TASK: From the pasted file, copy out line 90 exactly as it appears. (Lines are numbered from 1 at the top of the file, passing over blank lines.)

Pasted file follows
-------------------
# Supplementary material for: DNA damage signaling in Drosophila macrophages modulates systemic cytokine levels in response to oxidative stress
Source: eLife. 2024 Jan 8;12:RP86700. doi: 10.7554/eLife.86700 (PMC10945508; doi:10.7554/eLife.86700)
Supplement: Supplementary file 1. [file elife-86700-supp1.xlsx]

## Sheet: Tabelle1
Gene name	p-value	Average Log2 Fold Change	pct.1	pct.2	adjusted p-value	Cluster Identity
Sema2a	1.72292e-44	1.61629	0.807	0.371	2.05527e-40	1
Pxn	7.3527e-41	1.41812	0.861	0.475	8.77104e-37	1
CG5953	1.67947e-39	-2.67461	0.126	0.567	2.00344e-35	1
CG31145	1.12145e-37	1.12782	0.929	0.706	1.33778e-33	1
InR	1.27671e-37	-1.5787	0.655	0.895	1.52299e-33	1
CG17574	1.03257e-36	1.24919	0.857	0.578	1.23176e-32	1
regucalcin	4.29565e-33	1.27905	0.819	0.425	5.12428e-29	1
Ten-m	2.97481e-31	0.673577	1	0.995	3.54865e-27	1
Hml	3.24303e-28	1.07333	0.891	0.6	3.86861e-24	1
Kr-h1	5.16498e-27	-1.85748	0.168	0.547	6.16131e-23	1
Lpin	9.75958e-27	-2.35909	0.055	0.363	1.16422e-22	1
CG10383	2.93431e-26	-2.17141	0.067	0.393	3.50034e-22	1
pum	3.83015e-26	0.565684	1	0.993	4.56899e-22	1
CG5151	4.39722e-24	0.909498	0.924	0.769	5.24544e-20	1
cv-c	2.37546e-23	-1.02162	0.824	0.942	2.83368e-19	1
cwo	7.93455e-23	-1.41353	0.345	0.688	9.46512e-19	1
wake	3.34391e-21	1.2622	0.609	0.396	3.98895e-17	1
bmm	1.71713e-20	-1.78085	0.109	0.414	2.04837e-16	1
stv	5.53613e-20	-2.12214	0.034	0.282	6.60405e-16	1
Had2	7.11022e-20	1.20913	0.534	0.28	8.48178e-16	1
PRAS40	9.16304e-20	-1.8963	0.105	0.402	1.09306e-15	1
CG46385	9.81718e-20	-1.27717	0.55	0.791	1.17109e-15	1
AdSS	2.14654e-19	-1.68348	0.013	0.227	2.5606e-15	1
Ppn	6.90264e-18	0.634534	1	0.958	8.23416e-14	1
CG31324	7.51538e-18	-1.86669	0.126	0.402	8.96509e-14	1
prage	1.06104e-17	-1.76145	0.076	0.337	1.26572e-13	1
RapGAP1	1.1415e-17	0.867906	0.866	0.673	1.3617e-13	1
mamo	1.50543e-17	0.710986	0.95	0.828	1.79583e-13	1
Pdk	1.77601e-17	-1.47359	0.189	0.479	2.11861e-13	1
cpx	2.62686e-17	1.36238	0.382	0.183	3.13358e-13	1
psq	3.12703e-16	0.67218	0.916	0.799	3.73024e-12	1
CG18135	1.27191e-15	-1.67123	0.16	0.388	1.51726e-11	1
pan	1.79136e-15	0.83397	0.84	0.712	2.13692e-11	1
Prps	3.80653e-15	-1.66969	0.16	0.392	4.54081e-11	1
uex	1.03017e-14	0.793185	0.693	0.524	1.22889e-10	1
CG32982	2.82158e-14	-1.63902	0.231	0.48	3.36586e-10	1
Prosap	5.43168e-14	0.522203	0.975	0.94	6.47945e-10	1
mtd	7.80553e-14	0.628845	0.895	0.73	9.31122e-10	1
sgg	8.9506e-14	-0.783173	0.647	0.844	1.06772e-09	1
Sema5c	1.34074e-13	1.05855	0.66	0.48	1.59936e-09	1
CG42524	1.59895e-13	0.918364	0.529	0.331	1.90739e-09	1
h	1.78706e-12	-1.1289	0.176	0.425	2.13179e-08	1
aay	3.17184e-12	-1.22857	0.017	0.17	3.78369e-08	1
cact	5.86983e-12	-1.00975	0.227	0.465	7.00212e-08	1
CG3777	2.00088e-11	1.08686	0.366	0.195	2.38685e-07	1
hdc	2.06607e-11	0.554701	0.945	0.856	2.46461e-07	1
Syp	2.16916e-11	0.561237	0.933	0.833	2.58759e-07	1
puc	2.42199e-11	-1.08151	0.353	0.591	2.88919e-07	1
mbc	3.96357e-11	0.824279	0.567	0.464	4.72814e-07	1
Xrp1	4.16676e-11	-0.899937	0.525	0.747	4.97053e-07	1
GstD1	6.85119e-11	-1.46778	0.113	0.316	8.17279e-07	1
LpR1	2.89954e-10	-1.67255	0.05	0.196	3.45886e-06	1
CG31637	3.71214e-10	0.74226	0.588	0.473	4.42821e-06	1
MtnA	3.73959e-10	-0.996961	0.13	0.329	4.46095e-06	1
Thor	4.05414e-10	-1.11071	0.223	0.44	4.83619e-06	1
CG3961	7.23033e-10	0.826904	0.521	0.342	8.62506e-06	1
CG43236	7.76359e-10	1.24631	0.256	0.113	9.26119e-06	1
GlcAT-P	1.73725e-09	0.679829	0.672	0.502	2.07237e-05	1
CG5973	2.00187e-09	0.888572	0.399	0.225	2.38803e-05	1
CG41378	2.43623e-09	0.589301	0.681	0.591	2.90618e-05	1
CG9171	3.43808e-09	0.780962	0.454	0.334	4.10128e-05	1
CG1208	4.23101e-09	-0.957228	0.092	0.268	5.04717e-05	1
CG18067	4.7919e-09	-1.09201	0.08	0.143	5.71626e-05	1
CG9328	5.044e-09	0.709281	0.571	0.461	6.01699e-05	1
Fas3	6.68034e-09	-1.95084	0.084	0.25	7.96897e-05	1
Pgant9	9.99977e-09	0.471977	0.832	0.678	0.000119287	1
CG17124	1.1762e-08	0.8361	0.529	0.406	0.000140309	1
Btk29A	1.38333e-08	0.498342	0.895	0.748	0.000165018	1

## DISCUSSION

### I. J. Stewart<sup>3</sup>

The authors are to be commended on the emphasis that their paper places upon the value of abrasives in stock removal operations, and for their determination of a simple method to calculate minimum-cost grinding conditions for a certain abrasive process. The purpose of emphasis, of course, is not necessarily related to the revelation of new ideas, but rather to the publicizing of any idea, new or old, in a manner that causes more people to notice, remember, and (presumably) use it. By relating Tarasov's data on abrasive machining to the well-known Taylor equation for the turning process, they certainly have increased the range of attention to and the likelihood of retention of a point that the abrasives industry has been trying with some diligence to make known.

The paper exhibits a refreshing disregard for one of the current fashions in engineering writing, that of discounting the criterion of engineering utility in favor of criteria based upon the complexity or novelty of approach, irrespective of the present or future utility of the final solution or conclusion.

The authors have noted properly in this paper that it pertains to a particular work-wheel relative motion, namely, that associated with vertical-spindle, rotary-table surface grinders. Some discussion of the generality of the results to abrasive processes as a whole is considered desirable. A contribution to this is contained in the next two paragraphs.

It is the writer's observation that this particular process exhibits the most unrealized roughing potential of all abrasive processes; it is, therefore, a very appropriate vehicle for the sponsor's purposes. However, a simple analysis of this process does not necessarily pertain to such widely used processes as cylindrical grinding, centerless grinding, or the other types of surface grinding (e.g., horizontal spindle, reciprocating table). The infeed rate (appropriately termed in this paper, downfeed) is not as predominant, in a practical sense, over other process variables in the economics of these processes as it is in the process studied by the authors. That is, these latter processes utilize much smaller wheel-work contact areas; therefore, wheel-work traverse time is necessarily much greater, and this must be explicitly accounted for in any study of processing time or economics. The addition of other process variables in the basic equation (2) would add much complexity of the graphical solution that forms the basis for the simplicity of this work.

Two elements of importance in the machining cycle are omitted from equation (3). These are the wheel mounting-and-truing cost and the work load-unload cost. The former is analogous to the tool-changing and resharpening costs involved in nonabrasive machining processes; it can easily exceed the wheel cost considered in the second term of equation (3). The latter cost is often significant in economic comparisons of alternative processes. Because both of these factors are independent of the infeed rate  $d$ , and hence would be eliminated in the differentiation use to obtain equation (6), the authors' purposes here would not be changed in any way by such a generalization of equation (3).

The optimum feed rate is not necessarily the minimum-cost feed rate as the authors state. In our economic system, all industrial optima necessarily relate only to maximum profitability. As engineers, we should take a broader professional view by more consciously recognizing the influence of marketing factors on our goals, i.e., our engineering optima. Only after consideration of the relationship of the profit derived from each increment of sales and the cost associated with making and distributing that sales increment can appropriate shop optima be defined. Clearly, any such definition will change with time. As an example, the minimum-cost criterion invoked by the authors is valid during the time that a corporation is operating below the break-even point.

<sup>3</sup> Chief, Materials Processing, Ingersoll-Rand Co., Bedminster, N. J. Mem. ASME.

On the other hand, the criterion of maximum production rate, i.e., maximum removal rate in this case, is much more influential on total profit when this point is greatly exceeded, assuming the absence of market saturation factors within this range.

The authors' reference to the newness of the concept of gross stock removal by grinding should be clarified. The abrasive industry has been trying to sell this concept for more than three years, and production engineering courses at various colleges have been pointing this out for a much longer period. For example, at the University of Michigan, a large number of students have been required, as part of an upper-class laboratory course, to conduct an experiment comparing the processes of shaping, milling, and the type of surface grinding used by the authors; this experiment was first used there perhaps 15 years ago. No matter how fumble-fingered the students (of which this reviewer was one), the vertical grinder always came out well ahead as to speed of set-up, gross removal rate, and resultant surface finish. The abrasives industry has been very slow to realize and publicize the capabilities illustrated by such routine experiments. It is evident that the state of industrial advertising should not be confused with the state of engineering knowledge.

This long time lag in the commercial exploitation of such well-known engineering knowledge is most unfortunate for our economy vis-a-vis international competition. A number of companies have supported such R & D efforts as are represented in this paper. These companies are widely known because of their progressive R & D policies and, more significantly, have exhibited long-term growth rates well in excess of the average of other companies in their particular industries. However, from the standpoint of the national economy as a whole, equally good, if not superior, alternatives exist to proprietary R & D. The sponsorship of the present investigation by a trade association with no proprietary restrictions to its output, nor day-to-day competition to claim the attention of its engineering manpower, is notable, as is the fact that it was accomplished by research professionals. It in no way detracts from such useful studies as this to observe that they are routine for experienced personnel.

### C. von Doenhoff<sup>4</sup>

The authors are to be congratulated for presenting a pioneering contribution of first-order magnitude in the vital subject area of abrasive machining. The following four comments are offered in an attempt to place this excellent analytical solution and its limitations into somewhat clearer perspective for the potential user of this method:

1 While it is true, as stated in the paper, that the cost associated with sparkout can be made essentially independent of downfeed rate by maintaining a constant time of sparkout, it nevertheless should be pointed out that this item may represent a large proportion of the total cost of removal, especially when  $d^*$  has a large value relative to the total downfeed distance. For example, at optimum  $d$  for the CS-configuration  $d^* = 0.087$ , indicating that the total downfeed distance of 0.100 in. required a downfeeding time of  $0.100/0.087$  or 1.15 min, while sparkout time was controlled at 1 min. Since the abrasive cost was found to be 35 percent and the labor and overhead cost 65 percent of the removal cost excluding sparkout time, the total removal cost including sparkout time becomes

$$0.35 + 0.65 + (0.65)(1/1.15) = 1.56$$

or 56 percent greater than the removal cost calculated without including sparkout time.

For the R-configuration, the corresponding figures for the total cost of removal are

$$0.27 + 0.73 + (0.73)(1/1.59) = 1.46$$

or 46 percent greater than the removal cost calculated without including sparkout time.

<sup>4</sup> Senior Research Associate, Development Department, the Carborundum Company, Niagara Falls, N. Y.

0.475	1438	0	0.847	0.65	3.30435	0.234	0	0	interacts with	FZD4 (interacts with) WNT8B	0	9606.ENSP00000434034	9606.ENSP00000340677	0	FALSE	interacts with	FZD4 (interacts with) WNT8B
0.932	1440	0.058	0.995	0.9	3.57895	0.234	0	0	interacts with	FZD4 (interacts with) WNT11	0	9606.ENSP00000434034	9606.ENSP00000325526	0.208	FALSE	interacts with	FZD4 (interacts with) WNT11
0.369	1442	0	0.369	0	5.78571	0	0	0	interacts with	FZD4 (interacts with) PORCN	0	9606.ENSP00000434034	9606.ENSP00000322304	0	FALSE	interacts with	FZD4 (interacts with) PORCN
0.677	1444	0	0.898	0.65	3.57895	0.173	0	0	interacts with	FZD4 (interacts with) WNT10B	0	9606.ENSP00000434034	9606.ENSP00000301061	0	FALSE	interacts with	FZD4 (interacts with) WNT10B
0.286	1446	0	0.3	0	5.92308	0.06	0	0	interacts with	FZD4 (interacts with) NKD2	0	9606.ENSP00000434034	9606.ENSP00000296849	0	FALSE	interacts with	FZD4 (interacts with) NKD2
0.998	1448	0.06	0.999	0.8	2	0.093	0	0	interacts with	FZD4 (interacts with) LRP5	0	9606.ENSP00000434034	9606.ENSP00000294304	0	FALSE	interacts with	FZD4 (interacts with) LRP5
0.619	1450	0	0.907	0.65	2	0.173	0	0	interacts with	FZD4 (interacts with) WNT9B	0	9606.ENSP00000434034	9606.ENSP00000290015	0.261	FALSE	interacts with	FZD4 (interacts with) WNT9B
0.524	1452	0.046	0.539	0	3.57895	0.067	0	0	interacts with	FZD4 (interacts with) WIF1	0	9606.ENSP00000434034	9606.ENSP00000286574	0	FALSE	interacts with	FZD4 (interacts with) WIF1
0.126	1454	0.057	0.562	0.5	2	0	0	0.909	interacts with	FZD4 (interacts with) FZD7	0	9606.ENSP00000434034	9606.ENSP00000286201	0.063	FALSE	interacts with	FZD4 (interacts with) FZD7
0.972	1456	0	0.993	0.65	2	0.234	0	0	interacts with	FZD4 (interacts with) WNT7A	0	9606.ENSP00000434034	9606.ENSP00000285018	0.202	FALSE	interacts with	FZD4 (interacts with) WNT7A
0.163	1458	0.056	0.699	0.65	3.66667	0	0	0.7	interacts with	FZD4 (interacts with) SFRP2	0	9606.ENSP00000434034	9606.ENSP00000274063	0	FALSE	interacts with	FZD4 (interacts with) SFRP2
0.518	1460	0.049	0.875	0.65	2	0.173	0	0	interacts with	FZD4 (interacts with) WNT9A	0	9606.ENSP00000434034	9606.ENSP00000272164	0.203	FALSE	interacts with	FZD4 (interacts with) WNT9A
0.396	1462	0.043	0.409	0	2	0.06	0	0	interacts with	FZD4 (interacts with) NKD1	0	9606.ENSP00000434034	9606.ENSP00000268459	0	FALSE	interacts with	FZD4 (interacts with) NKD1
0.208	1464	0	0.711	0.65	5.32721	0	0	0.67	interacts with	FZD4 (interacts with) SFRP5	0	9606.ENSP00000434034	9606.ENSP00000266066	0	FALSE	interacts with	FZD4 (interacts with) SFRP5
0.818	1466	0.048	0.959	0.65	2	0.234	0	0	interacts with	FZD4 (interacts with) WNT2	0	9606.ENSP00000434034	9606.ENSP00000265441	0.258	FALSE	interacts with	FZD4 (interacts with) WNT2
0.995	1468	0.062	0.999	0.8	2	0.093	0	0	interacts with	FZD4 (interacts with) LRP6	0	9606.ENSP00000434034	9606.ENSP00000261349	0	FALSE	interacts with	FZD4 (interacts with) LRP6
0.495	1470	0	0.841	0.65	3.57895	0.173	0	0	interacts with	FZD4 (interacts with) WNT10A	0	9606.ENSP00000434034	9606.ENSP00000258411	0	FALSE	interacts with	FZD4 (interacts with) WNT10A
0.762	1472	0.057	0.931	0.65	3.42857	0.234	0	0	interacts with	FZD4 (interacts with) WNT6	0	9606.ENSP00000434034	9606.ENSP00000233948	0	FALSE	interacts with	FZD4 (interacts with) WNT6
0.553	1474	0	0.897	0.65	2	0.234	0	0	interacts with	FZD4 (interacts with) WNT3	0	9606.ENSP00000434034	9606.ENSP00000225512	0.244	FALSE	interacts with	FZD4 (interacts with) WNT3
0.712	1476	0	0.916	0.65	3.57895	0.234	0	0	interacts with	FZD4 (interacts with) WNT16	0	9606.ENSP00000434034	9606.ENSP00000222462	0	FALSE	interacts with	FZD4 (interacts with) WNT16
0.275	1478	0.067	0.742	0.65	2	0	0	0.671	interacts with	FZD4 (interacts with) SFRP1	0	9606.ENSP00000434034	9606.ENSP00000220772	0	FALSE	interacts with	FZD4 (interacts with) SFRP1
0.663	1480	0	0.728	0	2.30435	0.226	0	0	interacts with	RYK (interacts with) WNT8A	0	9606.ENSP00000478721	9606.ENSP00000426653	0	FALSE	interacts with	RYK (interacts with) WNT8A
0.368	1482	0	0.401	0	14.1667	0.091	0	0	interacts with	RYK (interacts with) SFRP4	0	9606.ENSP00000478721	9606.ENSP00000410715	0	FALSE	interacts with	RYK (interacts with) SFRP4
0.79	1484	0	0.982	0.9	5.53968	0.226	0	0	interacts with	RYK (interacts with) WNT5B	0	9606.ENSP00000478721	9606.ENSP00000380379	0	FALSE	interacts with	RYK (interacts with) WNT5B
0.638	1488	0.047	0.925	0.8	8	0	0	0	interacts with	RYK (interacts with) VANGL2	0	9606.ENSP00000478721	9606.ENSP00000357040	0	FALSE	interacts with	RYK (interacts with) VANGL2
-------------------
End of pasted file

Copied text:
or 56 percent greater than the removal cost calculated without including sparkout time.